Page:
Improve SQL Queries & Database for Better Efficiency: Part 1

SQL is probably the most popular and powerful means to handle data, but sometimes you need actionable advice to unleash its power and make the most of such a robust language.

In case you’re operating in the absence of a data warehouse or a segregated analytical database for assessment, you may be able to gain updated information only from the live production database.

However, optimization and tuning are very important while writing queries for an Oracle database, especially a production database. In this two-part series, we will cover eight of the most useful ways to supercharge your database by enhancing the SQL queries used.

Make Tuning Your SQL Queries Easy Using these Tips

Consider the following ways to improve the performance of your database –

Clarify the organization’s requirements first

There are certain practices that benefit not just the users optimizing SQL queries but also the organization in general, such as:

  • Determining relevant stakeholders
  • Concentrate on business implications
  • Structuralize the discussion for the ideal specifications
  • Ask the right questions (Who? What? Where? When? Why?)
  • Make the requirements as specific as possible, and confirm those with the stakeholders.

Limit the scope of the SELECT query

A majority of SQL professionals have a bad habit of using SELECT * as a shorthand and end up fetching all available information from a table. If the table in question has numerous rows and fields, this takes up a lot of Oracle database and SQL resources by returning plenty of unrequired data.

The use of the SELECT statement must be done in a way that makes the database fetch only the data required to fulfill the business requirements. Consider the following instance, where the organization’s requirements request postal addresses for clients –

The query SELECT * from Clients is inefficient as it might bring in other information also fed in the client table that isn’t needed here. Instead, a query like this would only fetch the data necessary as per the requirements.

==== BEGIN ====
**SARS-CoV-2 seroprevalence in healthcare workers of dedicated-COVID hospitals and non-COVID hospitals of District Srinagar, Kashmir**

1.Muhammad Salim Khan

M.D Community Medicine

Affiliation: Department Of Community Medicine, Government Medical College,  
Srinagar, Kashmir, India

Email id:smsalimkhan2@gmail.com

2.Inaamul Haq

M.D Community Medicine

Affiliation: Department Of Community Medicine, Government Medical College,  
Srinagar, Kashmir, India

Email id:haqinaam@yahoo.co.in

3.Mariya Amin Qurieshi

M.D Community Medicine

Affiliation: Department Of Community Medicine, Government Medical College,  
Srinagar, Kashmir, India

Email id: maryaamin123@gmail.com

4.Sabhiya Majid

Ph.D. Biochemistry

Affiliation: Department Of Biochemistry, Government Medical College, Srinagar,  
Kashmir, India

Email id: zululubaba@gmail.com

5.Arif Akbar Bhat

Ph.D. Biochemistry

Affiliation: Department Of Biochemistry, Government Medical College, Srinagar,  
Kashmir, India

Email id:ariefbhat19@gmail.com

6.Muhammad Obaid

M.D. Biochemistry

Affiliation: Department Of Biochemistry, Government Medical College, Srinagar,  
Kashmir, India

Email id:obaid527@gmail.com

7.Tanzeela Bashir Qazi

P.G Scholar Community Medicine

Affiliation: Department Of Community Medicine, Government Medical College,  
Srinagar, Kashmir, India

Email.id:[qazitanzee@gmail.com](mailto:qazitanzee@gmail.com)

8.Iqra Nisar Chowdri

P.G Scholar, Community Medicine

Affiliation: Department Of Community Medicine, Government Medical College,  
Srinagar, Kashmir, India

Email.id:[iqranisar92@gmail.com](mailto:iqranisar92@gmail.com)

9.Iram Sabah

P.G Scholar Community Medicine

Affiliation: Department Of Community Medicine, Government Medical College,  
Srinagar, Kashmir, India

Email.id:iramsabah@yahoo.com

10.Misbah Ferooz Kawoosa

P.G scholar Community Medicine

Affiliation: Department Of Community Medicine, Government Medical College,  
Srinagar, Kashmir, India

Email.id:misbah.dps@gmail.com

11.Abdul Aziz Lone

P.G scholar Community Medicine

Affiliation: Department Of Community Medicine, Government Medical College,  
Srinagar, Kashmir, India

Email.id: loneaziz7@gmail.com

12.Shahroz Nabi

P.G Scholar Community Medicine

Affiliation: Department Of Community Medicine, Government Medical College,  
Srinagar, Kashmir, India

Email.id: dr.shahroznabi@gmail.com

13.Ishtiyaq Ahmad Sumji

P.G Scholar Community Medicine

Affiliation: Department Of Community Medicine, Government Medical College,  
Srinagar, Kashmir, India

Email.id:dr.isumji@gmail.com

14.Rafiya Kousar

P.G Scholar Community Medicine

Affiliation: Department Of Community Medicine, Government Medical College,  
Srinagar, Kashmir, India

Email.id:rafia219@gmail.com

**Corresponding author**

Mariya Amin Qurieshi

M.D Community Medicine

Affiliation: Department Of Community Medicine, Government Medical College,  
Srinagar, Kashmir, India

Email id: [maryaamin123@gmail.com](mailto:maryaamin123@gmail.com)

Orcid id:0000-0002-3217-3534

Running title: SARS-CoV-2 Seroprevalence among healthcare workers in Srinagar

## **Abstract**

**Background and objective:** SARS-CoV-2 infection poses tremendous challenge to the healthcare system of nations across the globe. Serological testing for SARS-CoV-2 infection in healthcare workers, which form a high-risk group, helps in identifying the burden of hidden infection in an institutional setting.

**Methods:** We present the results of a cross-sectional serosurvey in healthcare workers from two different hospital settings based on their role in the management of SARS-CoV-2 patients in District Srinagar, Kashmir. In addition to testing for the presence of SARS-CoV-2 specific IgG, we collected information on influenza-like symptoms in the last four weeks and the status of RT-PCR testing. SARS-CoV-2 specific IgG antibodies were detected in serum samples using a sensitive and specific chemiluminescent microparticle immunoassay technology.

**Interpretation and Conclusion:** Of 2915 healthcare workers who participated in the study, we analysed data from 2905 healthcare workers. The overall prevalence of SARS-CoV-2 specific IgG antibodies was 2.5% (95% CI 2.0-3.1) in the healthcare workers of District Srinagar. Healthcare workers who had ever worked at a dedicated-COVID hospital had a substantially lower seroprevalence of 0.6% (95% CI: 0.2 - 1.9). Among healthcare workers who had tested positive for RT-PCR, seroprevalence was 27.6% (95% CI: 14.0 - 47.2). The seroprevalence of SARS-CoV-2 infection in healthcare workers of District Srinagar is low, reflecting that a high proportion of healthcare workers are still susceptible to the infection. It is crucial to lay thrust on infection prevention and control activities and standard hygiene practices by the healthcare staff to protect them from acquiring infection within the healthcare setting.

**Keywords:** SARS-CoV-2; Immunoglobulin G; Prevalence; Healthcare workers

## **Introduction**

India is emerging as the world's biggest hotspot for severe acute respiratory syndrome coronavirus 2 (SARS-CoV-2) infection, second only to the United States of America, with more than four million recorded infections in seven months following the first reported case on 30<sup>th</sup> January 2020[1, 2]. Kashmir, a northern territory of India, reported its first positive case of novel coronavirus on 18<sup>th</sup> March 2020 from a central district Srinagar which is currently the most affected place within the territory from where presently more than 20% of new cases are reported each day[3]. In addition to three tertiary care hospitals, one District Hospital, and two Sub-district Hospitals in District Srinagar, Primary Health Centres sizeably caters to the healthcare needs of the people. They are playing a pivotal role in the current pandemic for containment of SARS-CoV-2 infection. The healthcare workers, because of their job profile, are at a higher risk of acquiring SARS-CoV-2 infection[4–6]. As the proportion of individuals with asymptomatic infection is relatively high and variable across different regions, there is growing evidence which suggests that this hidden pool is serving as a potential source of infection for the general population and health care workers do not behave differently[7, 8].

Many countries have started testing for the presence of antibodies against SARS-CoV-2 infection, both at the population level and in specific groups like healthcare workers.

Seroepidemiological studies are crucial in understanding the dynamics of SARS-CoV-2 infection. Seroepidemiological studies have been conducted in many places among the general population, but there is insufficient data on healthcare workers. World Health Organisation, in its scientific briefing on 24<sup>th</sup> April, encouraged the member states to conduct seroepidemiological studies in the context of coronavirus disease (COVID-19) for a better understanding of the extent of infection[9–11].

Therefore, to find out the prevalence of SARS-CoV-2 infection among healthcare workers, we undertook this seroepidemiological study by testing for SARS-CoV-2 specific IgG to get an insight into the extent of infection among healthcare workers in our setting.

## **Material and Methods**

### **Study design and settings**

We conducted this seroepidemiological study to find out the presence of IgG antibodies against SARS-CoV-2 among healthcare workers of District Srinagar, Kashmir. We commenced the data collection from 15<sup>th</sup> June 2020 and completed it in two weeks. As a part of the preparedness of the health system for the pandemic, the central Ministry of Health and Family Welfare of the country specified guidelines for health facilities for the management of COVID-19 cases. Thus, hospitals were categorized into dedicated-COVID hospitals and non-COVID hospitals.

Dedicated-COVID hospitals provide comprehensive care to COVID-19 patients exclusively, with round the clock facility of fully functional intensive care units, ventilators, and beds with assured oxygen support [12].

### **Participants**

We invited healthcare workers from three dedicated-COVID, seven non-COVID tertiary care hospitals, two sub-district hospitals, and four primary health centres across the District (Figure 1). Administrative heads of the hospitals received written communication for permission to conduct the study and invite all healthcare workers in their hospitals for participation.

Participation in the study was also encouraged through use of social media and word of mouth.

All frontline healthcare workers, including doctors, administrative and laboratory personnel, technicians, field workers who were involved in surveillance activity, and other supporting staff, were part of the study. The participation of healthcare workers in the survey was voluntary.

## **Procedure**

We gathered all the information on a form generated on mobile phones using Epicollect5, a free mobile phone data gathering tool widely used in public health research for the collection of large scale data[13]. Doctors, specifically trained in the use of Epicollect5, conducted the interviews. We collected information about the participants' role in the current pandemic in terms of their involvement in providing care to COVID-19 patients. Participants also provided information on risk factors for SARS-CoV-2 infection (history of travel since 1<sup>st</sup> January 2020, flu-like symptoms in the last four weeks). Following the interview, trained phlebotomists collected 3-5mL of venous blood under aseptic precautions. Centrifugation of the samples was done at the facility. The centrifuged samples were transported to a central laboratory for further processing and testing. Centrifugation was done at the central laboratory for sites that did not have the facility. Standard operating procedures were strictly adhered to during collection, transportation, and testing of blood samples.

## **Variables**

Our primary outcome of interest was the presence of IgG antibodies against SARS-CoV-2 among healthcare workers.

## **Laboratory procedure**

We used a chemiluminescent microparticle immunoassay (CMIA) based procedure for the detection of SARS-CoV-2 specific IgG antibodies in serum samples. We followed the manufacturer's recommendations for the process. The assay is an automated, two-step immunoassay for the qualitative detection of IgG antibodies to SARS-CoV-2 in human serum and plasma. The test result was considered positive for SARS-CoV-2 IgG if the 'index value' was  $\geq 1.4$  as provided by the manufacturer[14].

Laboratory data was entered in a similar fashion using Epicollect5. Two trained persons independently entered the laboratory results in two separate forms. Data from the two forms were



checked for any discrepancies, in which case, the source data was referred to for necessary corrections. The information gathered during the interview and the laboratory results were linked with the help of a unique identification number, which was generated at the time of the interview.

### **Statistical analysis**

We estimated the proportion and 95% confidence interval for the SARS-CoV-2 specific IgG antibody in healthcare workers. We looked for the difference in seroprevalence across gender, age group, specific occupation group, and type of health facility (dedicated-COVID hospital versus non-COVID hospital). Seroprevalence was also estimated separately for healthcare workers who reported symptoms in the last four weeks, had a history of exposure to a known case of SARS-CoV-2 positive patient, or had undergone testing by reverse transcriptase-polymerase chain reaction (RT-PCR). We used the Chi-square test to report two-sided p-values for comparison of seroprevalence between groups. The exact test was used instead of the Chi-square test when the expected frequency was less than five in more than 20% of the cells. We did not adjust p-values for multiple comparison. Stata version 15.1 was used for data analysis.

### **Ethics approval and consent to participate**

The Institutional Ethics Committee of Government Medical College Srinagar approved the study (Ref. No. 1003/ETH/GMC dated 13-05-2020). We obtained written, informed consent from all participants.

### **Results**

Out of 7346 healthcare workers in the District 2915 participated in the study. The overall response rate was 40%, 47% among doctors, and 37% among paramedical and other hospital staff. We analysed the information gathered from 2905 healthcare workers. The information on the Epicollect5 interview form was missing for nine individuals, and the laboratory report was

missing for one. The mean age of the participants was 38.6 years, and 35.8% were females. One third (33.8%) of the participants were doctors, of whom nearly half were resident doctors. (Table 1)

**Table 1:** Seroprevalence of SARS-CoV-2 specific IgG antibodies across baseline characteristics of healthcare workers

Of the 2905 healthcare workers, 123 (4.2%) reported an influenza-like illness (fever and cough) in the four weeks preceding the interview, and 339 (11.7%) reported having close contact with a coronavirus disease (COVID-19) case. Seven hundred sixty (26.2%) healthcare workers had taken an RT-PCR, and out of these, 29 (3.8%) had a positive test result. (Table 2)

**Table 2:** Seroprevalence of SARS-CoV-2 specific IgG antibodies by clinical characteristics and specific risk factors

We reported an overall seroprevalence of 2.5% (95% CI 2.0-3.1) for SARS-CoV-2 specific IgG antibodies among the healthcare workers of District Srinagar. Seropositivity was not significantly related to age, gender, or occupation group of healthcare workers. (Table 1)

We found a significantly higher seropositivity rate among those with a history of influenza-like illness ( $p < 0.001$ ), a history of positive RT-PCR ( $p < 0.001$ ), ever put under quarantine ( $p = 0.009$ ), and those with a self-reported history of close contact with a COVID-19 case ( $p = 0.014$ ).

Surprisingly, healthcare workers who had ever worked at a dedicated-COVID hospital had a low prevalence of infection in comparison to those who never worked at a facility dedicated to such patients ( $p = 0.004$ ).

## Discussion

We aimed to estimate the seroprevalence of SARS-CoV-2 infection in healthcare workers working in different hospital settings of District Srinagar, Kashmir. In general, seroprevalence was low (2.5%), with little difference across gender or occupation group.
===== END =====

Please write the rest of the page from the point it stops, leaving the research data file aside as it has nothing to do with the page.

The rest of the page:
SELECT Name, Address, City, State, Zip

FROM Clients

Refrain from Using SELECT DISTINCT

Eliminating redundant information from a query is easy with SELECT DISTINCT, which GROUPs certain fields in the statement to return distinct results. Achieving this goal, however, requires substantial processing power. Moreover, the grouping of data may not be accurate, which is why you must avoid using this ‘trick’ altogether.

Take this example, for instance –


FROM Clients

This statement doesn’t account for several people in the same city or state having the same name. Common names like John or Jane will be grouped together, leading to an incorrect quantity of records. Bigger databases that contain numerous Johns and Janes will not benefit from this query.

In its place, try to use something like this –

SELECT Name, Address, City, State, Zip

FROM Customers

By increasing the fields, unique records will be fetched without the use of SELECT DISTINCT. The database also wouldn’t have to cluster any fields, and the result set would be accurate.

Use INNER JOIN to Make a Join, not WHERE

Some SQL professionals choose WHERE clauses for joining, like in the example below –

SELECT Clients.ClientID, Clients.Name, Sales.LastSaleDate

FROM Clients, Sales

WHERE Clients.ClientID = Sales.ClientID

This kind of join creates a Cartesian Join, also known as Cross Join or a Cartesian Product. It involves the creation of every potential combination of the variables. If we suppose the table in the above example contains a thousand clients with a thousand total sales, the statement would generate a million results in the first go, after which it would filter those results to fetch records where ClientID is correctly joined.

It’s an unnecessary waste of database resources since the database ends up doing over a hundred times more work than is actually needed. Moreover, Cartesian Joins are particularly cumbersome in large-scale databases because it is likely to fetch billions or trillions of results.

Therefore, it becomes essential to use something like an INNER JOIN instead, in order to avoid the creation of a Cartesian Join –

SELECT Clients.ClientID, Clients.Name, Sales.LastSaleDate

FROM Clients


   ON Clients.ClientID = Sales.ClientID

In this case, the database would only fetch a thousand records where ClientID matches. Certain DBMSs identify WHERE joins and run them as INNER JOINs on their own accord, which is why they won’t show any change in performance between a WHERE and INNER JOIN.